Bee decline set to continue warns UN

Posted: 11 March 2011

Scientists are warning that without profound changes to the way human-beings manage the planet, declines in bees and other pollinators needed to feed a growing global population are likely to continue. .

Bee on flower
We rely on bees for pollinating our food crops. Photo
© TVE

New kinds of virulent fungal pathogens—which can be deadly to bees and other key pollinating insects—are now being detected world-wide, migrating from one region to another as a result of shipments linked to globalization and rapidly growing international trade

Meanwhile an estimated 20,000 flowering plant species, upon which many bee species depend for food, could be lost over the coming decades unless conservation efforts are stepped up

Increasing use of chemicals in agriculture, including ‘systemic insecticides’ and those used to coat seeds, is being found to be damaging or toxic to bees. Some can, in combination, be even more potent to pollinators, a phenomenon known as the ‘cocktail effect’

Climate change, left unaddressed, may aggravate the situation, in various ways including by changing the flowering times of plants and shifting rainfall patterns. This may in turn affect the quality and quantity of nectar supplies.

Multiple factors

These are among the findings of a new report published this week by the UN Environment Programme (UNEP), which has brought together and analyzed the latest science on collapsing bee colonies.

The study, entitled Global Bee Colony Disorders and other Threats to Insect Pollinators, underlines that multiple factors are at work linked with the way humans are rapidly changing the conditions and the ground rules that support life on Earth. It shows humans’ large dependency on ecosystem services even for such vital sectors as food production.

It indicates that bees are early warning indicators of wider impacts on animal and plant life and that measures to boost pollinators could not only improve food security but the fate of many other economically and environmentally-important plants and animals.

The authors of the report call for farmers and landowners to be offered incentives to restore pollinator-friendly habitats, including key flowering plants including next to crop-producing fields.

bee on honeycombeBee on honeycomb. Credit UNEP

More care needs to be taken in the choice, timing and application of insecticides and other chemicals. While managed hives can be moved out of harm’s way, “wild populations (of pollinators) are completely vulnerable”, says the report.

Achim Steiner,  UNEP Executive Director, said: “The way humanity manages or mismanages its nature-based assets, including pollinators, will in part define our collective future in the 21st century. The fact is that of the 100 crop species that provide 90 per cent of the world’s food, over 70 are pollinated by bees”.

“Human beings have fabricated the illusion that in the 21st century they have the technological prowess to be independent of nature. Bees underline the reality that we are more, not less dependent on nature’s services in a world of close to seven billion people”.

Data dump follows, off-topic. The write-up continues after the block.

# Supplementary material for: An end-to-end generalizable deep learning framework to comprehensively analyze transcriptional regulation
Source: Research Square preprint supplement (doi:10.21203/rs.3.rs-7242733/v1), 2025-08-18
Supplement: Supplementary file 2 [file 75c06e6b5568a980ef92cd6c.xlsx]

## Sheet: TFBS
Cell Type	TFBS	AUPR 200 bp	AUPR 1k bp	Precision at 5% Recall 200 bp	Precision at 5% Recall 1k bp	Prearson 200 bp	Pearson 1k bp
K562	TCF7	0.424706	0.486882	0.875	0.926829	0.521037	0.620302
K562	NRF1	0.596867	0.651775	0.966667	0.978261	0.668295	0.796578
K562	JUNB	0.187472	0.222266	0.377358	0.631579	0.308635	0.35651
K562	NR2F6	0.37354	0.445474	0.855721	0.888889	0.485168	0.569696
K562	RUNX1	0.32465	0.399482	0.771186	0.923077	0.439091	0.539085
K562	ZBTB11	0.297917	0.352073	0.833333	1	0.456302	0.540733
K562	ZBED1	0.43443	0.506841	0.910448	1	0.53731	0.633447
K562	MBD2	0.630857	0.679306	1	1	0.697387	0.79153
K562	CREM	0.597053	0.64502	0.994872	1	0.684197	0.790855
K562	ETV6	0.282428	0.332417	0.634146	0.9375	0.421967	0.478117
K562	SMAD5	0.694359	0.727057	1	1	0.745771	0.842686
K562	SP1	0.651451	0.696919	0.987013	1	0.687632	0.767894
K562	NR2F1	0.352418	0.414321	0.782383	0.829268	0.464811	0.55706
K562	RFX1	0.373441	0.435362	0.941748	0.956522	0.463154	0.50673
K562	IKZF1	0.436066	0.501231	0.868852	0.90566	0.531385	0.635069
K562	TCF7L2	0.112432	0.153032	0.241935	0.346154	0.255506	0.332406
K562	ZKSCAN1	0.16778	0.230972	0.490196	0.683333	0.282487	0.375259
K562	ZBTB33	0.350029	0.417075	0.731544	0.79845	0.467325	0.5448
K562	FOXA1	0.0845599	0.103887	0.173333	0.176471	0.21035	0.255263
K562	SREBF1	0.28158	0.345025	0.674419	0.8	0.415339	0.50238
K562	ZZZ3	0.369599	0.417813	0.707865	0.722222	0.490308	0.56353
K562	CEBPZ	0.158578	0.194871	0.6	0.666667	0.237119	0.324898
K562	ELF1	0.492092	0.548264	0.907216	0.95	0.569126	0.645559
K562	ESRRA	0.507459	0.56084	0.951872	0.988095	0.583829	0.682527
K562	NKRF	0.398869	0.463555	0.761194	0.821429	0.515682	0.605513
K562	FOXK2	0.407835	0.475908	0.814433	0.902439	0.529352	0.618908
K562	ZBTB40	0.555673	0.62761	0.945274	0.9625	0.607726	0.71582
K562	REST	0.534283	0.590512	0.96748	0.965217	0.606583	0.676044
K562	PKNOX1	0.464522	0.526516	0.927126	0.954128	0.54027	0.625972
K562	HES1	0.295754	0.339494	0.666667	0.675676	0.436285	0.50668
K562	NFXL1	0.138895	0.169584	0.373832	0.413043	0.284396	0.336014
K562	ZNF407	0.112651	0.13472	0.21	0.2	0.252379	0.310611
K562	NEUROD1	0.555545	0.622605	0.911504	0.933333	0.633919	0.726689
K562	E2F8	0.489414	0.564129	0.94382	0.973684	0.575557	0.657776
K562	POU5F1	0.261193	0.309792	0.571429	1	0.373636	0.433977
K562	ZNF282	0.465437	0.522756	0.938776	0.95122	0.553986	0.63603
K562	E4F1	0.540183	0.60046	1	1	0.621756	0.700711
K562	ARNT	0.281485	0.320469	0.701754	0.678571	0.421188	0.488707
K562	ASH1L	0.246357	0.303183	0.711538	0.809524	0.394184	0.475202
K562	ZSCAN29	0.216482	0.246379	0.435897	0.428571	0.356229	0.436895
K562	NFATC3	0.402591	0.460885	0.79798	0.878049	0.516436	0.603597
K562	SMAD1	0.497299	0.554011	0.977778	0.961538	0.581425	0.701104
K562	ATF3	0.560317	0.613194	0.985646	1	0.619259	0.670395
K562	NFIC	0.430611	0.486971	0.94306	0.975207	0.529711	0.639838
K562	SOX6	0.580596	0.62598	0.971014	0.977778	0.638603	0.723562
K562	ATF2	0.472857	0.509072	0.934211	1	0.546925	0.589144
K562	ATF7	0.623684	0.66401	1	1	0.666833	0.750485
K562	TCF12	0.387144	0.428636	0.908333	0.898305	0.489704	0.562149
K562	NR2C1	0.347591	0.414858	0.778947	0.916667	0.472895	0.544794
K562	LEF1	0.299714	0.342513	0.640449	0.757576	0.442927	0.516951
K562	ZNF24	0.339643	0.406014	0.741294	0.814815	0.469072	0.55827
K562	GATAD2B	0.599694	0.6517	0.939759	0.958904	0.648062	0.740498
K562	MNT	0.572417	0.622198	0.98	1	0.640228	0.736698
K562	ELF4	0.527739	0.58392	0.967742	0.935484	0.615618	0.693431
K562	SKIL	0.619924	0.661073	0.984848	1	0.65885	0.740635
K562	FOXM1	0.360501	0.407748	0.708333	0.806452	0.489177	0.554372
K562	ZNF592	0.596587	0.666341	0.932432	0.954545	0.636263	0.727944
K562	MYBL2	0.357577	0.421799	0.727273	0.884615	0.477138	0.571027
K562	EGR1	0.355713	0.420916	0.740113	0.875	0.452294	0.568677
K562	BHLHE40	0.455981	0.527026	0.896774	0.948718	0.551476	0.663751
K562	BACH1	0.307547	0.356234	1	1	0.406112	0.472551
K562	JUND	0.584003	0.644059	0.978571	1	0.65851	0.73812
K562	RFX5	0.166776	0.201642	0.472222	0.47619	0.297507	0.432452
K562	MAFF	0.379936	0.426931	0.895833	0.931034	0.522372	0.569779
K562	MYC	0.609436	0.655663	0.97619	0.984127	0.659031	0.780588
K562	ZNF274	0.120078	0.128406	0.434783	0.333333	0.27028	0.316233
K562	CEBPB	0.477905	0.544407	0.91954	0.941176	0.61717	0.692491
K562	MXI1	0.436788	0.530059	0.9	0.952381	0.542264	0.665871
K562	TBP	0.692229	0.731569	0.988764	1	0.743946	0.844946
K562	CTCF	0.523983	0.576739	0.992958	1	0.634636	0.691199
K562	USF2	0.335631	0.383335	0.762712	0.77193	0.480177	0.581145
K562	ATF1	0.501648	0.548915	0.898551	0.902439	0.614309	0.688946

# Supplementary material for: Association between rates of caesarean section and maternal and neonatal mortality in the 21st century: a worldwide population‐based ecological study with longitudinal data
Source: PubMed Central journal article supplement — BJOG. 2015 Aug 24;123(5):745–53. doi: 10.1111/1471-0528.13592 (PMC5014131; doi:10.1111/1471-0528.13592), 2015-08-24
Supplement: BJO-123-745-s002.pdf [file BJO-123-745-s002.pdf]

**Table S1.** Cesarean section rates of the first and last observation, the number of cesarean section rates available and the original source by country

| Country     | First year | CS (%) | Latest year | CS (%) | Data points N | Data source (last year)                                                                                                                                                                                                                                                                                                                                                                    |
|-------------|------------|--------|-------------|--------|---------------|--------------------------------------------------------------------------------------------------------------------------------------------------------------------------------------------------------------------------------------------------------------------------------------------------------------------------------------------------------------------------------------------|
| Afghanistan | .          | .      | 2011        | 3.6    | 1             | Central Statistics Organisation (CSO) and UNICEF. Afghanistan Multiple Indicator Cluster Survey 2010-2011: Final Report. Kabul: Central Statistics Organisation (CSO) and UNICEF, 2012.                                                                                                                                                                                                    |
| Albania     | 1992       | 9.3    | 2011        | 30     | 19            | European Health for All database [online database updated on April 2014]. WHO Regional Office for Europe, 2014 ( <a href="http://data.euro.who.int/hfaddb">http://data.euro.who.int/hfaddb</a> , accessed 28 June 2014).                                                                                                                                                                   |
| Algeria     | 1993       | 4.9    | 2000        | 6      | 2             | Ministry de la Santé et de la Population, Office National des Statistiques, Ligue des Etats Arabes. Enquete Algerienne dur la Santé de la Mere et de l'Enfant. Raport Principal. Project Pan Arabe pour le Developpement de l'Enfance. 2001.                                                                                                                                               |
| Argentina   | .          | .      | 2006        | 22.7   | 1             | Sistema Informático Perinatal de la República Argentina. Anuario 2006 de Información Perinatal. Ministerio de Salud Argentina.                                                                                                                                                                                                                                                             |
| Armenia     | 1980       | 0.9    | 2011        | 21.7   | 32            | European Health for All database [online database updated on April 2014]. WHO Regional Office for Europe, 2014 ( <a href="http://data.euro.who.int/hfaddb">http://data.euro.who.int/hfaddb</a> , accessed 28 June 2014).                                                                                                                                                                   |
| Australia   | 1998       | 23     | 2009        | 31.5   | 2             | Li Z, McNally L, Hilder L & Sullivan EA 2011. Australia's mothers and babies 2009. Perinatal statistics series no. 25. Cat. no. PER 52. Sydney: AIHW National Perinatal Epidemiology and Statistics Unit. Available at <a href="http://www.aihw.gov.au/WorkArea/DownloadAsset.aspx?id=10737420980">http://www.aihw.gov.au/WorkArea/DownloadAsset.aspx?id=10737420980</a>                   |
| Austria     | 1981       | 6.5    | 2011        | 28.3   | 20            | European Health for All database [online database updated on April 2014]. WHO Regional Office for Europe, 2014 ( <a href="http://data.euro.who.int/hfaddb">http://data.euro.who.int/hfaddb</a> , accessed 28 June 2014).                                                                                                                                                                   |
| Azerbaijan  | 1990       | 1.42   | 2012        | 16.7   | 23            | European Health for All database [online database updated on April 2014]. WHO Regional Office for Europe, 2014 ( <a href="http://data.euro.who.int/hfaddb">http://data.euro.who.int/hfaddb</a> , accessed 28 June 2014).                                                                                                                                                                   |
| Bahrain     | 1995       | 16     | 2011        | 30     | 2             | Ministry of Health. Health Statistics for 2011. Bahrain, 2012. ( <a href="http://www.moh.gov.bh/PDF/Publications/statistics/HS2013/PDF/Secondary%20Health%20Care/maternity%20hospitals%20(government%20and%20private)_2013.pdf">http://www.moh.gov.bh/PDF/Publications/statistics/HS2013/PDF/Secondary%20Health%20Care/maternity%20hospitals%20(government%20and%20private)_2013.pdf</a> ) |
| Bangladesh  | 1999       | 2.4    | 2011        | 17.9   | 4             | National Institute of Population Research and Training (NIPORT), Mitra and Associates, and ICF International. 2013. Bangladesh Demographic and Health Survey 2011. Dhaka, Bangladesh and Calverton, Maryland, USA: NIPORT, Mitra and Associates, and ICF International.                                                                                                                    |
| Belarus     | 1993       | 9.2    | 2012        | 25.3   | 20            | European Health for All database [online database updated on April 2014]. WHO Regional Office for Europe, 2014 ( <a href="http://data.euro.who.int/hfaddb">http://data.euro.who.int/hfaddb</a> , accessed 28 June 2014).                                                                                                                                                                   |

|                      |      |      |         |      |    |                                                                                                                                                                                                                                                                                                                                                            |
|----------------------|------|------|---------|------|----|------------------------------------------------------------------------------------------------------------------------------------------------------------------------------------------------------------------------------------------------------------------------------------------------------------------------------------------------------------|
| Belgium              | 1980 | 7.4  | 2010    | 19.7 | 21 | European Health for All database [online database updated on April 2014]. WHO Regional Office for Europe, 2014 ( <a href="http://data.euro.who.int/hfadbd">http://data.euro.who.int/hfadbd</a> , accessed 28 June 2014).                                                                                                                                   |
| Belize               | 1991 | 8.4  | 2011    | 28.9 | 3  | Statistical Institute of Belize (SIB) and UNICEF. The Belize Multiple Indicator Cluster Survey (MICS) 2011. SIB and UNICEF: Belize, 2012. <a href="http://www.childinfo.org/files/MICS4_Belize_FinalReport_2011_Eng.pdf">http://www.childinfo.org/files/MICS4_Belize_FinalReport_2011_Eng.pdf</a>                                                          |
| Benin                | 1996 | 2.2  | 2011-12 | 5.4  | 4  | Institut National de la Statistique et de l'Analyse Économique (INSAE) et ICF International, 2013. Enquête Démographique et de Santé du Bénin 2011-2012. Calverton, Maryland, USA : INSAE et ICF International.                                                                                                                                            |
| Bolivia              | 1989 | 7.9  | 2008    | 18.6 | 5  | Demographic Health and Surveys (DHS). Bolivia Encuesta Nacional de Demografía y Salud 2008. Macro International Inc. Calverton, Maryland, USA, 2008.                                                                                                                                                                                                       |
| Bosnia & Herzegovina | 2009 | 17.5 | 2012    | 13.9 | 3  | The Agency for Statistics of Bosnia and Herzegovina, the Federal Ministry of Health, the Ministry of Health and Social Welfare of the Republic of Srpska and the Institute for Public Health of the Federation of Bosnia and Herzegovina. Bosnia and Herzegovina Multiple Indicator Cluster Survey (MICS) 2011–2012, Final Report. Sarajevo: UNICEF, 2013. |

Green economy

UNEP points out that next year -- 20 years after the Rio Earth Summit -- nations will meet again to try and scale-up the transition to a low carbon, resource-efficient Green Economy. It says part of that transition should include investing and re-investing in the world’s nature-based services generated by forests and freshwaters to flower meadows and coral reefs.

“Rio+20 is an opportunity to move beyond narrow definitions of wealth and to bring the often invisible, multi-trillion dollar services of nature—including pollination from insects such as bees— into national and global accounts,” said Mr Steiner.

Regional picture

Declines in managed bee colonies date back to the mid 1960s in Europe but have accelerated since 1998, especially in Belgium, France, Germany, Italy, the Netherlands, Spain and the United Kingdom.

In North America, losses of honey bee colonies since 2004 have left the continent with fewer managed pollinators than at any time in the past 50 years.

Chinese bee keepers, who manage both western and eastern species of honey bees, have recently “faced several inexplicable and complex symptoms of colony losses in both species”.

A quarter of beekeepers in Japan “have recently been confronted with sudden losses of their bee colonies”.

In Africa, beekeepers along the Egyptian Nile have been reporting signs of ‘colony collapse disorder’ although to date there are no other confirmed reports from the rest of the continent.

Habitat degradation, including the loss of flowering plant species that provide food for bees, is among the key factors behind the decline of wild-living pollinators. n Anglo-Dutch study has found that since the 1980s, there has been a 70 per cent drop in key wild flowers among, for example, the mint, pea and perennial herb families. Parasites and Pests, such as the well known Varroa mite which feeds on bee fluids, are also a factor.

 The full report, Global Bee Colony Disorders and other Threats to Insect Pollinators, can be downloaded here